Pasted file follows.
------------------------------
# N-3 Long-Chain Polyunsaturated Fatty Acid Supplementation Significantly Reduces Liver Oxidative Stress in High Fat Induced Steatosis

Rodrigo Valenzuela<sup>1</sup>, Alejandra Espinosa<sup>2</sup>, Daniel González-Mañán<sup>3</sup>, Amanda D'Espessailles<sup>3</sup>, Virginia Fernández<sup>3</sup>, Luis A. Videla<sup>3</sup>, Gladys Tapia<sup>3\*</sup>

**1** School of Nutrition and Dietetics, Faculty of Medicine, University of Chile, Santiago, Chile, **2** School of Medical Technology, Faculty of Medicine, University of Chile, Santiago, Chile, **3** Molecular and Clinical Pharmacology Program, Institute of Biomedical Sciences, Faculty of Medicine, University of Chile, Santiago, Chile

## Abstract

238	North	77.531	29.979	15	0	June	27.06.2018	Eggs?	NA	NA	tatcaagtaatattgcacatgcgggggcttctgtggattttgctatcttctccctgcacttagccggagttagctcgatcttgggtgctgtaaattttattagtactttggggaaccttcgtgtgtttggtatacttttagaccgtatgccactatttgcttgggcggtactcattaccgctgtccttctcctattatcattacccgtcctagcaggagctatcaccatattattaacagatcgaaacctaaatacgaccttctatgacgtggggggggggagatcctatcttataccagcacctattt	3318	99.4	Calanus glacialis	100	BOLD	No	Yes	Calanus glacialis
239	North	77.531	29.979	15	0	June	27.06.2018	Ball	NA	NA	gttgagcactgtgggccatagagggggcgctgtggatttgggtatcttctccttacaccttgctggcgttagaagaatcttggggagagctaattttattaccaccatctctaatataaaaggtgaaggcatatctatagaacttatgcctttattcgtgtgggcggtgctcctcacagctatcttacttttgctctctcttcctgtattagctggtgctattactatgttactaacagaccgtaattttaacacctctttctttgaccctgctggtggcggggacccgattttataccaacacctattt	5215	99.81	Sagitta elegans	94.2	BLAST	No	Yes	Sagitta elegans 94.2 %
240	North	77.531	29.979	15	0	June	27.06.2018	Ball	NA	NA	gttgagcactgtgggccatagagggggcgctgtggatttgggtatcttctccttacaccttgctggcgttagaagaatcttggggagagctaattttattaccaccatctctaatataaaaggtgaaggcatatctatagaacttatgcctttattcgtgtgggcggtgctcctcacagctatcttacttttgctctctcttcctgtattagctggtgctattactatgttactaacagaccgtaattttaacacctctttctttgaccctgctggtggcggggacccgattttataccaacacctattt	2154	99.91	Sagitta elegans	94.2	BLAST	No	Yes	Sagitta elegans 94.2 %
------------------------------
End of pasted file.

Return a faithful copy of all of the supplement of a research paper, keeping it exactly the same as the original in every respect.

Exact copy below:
# N-3 Long-Chain Polyunsaturated Fatty Acid Supplementation Significantly Reduces Liver Oxidative Stress in High Fat Induced Steatosis

Rodrigo Valenzuela<sup>1</sup>, Alejandra Espinosa<sup>2</sup>, Daniel González-Mañán<sup>3</sup>, Amanda D'Espessailles<sup>3</sup>, Virginia Fernández<sup>3</sup>, Luis A. Videla<sup>3</sup>, Gladys Tapia<sup>3\*</sup>

**1** School of Nutrition and Dietetics, Faculty of Medicine, University of Chile, Santiago, Chile, **2** School of Medical Technology, Faculty of Medicine, University of Chile, Santiago, Chile, **3** Molecular and Clinical Pharmacology Program, Institute of Biomedical Sciences, Faculty of Medicine, University of Chile, Santiago, Chile

## Abstract

238	North	77.531	29.979	15	0	June	27.06.2018	Eggs?	NA	NA	tatcaagtaatattgcacatgcgggggcttctgtggattttgctatcttctccctgcacttagccggagttagctcgatcttgggtgctgtaaattttattagtactttggggaaccttcgtgtgtttggtatacttttagaccgtatgccactatttgcttgggcggtactcattaccgctgtccttctcctattatcattacccgtcctagcaggagctatcaccatattattaacagatcgaaacctaaatacgaccttctatgacgtggggggggggagatcctatcttataccagcacctattt	3318	99.4	Calanus glacialis	100	BOLD	No	Yes	Calanus glacialis
239	North	77.531	29.979	15	0	June	27.06.2018	Ball	NA	NA	gttgagcactgtgggccatagagggggcgctgtggatttgggtatcttctccttacaccttgctggcgttagaagaatcttggggagagctaattttattaccaccatctctaatataaaaggtgaaggcatatctatagaacttatgcctttattcgtgtgggcggtgctcctcacagctatcttacttttgctctctcttcctgtattagctggtgctattactatgttactaacagaccgtaattttaacacctctttctttgaccctgctggtggcggggacccgattttataccaacacctattt	5215	99.81	Sagitta elegans	94.2	BLAST	No	Yes	Sagitta elegans 94.2 %
240	North	77.531	29.979	15	0	June	27.06.2018	Ball	NA	NA	gttgagcactgtgggccatagagggggcgctgtggatttgggtatcttctccttacaccttgctggcgttagaagaatcttggggagagctaattttattaccaccatctctaatataaaaggtgaaggcatatctatagaacttatgcctttattcgtgtgggcggtgctcctcacagctatcttacttttgctctctcttcctgtattagctggtgctattactatgttactaacagaccgtaattttaacacctctttctttgaccctgctggtggcggggacccgattttataccaacacctattt	2154	99.91	Sagitta elegans	94.2	BLAST	No	Yes	Sagitta elegans 94.2 %